Legislation being introduced in the 2020 session of the Maryland General Assembly would require holders a mortgage or deed of trust on a condominium unit to provide a written objection in writing to a proposed amendment to the declaration within 60 days of receiving notice, or be deemed to have consented to the amendment. HB 25 pending in the House of Delegates is intended to address an uncertainty arising from provisions in condominium declarations requiring that mortgagees and holders of deeds of trust approve amendments. A question has often arisen as to what happens if a mortgage holder receives notice of a proposed amendment, but does not respond. HB 25 would amend Section 11-103(c) of the Maryland Condominium Act, and establish a 60-day period for holders of mortgages or deeds of trust to respond after receipt of the proposed amendment, or be deemed to have consented. However, the proposed change does carve out three specific exceptions to the 60-day rule for any amendment that would (1) alter the priority of the lien; (2) materially impair or affect the unit as collateral; or (3) materially impair or affect the right of the holder of the mortgage or deed of trust to exercise any rights under the mortgage, deed of trust, or applicable law. Amendments falling into those categories would still require actual approval by the mortgagee or deed of trust holder. It is also noteworthy that the proposed legislation is limited to proposed amendments of the declaration, and does not address provisions requiring that holders of mortgages or deeds of trust approve amendments to the by-laws.
Governor Hogan has signed into law legislation adopted by the General Assembly during 2019 session that deals with the voting rights of developers in homeowner associations where not all lots have been sold. Senate Bill 305, which was passed unanimously by both Houses and signed by the Governor on April 30, 2019, amends Section 11B-111.7 of the Maryland Homeowners Association Act, and addresses the votes to which a developer is entitled with respect to whether lots have been subdivided and recorded. Of course, any lot that has been sold must have first been subdivided and recorded. The issue has been the developer’s votes on unsold lots that have not been subdivided and recorded. Under current law, which will be changed when the new law takes effect on October 1, 2019, until all of the lots have been subdivided and recorded, a developer is entitled to the number of votes equal to the number of unsold lots that have been subdivided and recorded but remain unsold. There is no vote for lots that have not yet been subdivided and recorded. The new law provides that, once all of the lots have been subdivided and recorded, the developer is entitled to one vote per lot that remains unsold. But, until all of the lots have been subdivided and recorded, the developer’s votes are to be as provided in the governing documents; i.e., the governing documents control until every lot has been subdivided and recorded. So developers will have control of determining the number of votes to which they are entitled by addressing the issue when the governing documents are prepared. Arguably, however, if the governing documents are silent on the issue, the developer gets no votes on unsold lots until each and every lot is subdivided and recorded.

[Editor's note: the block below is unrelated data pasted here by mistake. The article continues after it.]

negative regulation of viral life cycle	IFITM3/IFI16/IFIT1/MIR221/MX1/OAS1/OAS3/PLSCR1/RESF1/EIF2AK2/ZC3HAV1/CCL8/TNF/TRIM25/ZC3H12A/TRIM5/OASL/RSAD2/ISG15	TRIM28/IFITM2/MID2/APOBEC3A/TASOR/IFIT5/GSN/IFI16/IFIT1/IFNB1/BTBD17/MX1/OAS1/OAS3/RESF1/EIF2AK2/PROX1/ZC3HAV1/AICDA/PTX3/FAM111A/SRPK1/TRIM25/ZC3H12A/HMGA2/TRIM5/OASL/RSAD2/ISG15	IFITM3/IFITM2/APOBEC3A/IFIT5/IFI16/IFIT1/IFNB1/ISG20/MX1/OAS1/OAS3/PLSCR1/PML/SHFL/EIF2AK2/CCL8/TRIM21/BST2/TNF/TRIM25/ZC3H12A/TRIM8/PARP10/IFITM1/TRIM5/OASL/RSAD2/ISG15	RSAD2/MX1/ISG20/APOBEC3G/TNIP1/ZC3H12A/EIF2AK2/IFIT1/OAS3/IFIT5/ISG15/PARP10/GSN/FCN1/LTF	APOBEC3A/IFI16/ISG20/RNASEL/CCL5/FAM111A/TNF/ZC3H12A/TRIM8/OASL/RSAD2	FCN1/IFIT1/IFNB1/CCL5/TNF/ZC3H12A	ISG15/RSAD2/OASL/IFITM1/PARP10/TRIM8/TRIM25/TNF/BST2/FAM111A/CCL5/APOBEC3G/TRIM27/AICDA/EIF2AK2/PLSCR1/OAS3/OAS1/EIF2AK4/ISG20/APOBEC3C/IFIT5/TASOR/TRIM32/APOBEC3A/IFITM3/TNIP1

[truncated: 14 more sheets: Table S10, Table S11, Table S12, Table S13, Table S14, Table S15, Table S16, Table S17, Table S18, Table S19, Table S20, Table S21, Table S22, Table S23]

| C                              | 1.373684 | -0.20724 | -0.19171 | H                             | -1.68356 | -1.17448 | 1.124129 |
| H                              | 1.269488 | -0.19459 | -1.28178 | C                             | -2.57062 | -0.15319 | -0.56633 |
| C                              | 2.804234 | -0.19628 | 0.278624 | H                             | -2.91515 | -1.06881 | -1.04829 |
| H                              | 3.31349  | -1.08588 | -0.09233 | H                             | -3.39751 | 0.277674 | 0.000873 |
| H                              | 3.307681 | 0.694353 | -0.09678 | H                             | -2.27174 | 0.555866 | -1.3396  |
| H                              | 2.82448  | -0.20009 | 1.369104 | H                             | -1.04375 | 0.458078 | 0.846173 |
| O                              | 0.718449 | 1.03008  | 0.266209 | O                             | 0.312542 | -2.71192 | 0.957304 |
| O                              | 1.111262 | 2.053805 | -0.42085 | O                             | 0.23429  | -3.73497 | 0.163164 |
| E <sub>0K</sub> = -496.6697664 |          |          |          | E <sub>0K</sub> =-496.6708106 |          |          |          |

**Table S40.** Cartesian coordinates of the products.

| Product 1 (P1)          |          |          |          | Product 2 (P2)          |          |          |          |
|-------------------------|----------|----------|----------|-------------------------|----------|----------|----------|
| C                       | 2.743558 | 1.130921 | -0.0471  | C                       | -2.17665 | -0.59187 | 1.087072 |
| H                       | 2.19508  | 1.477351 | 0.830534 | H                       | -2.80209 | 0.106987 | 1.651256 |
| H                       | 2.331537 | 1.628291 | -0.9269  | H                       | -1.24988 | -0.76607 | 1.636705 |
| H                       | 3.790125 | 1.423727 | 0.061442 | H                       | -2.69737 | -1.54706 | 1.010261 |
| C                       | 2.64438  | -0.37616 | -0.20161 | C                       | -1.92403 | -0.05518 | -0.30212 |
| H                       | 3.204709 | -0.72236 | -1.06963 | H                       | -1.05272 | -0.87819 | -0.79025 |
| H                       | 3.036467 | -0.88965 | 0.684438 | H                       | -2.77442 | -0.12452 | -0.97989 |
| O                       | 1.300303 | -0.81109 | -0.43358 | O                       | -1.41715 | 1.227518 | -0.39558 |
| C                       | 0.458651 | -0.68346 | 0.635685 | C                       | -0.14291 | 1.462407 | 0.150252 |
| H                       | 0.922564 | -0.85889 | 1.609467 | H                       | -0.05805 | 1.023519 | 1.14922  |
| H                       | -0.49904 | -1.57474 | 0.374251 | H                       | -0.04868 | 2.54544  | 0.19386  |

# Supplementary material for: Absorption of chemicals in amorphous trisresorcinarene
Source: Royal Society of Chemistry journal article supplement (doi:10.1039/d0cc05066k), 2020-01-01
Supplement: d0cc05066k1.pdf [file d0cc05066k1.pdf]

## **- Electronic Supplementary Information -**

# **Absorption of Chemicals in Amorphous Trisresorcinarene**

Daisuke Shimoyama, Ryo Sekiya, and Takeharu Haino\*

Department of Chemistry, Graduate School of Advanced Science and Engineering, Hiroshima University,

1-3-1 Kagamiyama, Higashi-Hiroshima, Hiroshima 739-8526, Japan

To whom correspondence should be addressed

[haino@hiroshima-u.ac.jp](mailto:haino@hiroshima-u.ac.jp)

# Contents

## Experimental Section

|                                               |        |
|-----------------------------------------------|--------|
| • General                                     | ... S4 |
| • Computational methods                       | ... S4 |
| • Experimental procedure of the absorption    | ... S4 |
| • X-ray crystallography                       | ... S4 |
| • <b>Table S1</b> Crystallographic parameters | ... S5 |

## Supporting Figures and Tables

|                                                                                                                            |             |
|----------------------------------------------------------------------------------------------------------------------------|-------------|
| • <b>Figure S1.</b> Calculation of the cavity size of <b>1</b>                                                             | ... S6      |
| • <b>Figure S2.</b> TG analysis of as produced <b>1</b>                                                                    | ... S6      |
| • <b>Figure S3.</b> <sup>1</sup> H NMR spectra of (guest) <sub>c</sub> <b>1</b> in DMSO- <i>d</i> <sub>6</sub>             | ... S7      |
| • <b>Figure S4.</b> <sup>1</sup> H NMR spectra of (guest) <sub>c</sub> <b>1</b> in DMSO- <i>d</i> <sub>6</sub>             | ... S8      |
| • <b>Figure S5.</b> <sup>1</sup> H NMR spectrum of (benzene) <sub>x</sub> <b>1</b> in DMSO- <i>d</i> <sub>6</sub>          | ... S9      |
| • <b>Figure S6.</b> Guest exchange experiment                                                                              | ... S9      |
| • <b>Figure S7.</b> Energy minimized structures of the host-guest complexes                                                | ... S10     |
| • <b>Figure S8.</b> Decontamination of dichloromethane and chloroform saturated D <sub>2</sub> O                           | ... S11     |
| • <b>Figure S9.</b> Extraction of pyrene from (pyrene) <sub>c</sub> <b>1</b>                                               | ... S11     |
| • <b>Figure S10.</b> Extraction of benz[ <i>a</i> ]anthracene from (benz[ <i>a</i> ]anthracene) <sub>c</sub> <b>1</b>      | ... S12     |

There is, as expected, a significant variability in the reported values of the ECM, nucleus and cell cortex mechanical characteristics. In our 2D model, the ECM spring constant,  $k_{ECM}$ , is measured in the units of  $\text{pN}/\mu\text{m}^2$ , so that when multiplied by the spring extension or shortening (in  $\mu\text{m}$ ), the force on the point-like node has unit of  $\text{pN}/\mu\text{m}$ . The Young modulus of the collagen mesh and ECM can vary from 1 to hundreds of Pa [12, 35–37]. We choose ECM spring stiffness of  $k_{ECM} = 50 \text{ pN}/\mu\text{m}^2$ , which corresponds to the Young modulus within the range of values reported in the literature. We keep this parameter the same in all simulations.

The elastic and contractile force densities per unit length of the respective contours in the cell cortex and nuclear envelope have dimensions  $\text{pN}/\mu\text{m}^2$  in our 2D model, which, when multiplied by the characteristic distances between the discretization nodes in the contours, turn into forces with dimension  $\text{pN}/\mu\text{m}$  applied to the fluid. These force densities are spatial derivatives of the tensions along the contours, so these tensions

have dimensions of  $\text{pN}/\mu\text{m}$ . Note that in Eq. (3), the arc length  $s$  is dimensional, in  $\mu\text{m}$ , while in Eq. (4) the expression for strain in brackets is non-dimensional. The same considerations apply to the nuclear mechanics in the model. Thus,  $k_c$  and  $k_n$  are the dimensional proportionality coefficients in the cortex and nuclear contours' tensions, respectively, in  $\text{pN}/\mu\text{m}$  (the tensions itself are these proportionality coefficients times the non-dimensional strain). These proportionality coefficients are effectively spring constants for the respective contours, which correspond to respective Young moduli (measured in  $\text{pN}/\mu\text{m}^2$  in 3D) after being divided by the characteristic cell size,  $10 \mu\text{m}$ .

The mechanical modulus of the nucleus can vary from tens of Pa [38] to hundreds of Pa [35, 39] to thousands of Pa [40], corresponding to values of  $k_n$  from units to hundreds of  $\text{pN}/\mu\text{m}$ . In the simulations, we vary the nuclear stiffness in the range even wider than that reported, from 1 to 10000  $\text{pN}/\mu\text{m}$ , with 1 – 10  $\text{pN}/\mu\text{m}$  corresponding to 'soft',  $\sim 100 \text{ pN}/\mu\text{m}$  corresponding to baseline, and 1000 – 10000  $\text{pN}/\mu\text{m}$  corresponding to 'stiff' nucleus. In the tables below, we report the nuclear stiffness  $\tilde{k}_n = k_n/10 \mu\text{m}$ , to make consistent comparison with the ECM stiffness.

The following House of Delegates bills in 2019 session of the Maryland General Assembly passed in a vote of the full House but failed to get out of committee in the Senate:
HB207 concerning members qualified to vote to amend bylaws.
HB249 concerning responsibilities for insurance deductibles.
HB392 concerning dispute resolution procedures.
HB655 concerning denial of rental licenses for units with assessments in arrears.